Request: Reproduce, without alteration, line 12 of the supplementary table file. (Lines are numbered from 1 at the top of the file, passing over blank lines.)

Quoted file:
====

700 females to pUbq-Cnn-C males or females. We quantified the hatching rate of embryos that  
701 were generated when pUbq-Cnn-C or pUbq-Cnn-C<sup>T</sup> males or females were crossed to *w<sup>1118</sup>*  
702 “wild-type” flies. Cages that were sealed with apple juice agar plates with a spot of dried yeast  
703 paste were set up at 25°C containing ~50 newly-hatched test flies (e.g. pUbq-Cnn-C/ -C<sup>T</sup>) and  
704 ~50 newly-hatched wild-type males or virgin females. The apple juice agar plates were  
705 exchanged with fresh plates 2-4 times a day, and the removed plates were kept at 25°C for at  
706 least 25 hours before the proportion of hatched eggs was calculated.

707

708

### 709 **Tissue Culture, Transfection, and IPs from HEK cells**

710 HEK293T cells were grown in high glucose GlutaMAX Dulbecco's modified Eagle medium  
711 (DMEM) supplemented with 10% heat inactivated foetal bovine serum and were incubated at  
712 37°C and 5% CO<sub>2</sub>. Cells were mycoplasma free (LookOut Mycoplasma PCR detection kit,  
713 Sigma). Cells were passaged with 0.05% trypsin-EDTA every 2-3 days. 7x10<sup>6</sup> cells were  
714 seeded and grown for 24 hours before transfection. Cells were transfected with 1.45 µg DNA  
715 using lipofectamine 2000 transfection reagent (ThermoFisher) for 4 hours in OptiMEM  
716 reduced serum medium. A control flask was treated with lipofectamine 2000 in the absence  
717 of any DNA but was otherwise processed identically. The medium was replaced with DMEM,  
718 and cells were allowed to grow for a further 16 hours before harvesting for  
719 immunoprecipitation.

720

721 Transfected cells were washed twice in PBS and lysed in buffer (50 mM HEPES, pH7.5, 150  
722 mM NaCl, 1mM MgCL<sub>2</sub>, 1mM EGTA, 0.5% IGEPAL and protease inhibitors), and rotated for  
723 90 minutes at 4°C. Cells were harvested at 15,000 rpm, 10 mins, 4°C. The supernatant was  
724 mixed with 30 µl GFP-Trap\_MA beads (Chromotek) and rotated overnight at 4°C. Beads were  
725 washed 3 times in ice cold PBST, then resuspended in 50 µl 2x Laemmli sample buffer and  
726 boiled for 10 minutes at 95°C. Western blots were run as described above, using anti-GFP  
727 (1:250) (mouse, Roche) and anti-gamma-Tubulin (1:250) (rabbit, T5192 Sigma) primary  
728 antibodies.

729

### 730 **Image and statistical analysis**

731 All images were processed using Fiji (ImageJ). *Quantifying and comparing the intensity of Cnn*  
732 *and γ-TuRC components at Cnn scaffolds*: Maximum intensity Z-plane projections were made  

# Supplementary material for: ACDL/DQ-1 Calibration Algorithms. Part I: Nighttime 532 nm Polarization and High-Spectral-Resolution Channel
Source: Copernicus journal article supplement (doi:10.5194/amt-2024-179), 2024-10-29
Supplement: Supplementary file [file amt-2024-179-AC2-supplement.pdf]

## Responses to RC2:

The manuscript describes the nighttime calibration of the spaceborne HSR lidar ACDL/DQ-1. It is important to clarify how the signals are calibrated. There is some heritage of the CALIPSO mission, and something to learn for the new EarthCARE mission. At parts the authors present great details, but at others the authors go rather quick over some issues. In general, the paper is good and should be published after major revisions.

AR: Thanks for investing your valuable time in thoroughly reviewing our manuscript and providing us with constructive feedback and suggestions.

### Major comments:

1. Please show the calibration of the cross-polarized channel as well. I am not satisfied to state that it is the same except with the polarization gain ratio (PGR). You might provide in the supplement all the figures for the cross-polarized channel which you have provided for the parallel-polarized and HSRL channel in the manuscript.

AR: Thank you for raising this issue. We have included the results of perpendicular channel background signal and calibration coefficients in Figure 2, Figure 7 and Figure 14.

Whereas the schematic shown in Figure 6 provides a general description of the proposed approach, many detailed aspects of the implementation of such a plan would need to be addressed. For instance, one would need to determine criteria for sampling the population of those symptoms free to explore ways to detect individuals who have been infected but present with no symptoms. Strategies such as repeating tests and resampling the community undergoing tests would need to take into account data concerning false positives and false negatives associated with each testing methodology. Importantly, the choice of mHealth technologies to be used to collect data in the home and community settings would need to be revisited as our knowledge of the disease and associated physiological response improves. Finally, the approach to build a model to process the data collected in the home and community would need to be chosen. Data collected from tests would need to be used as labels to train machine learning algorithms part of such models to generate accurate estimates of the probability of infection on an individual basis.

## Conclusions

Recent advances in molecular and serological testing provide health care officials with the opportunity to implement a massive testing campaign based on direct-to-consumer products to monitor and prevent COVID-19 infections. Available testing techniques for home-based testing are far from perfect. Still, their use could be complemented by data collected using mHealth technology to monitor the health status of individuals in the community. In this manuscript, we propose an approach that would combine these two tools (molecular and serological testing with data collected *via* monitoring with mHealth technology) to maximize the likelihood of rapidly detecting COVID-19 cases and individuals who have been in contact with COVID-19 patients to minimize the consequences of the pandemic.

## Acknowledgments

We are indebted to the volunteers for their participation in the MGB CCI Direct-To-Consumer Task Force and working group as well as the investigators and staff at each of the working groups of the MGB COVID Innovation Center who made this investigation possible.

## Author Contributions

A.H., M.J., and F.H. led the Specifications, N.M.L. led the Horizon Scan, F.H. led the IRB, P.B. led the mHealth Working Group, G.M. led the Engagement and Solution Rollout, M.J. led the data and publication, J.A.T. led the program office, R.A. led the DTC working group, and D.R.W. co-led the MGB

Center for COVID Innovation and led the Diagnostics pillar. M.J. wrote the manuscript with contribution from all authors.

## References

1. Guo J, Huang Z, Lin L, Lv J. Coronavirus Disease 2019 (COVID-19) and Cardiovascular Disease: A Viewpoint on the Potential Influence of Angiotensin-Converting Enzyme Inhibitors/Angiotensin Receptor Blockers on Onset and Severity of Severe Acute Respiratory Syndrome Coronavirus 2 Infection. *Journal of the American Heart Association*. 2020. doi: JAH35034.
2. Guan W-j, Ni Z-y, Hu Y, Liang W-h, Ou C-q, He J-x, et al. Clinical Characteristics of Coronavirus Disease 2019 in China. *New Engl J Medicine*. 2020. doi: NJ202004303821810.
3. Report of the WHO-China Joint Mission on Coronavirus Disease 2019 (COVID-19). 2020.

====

711 (DMEM) supplemented with 10% heat inactivated foetal bovine serum and were incubated at  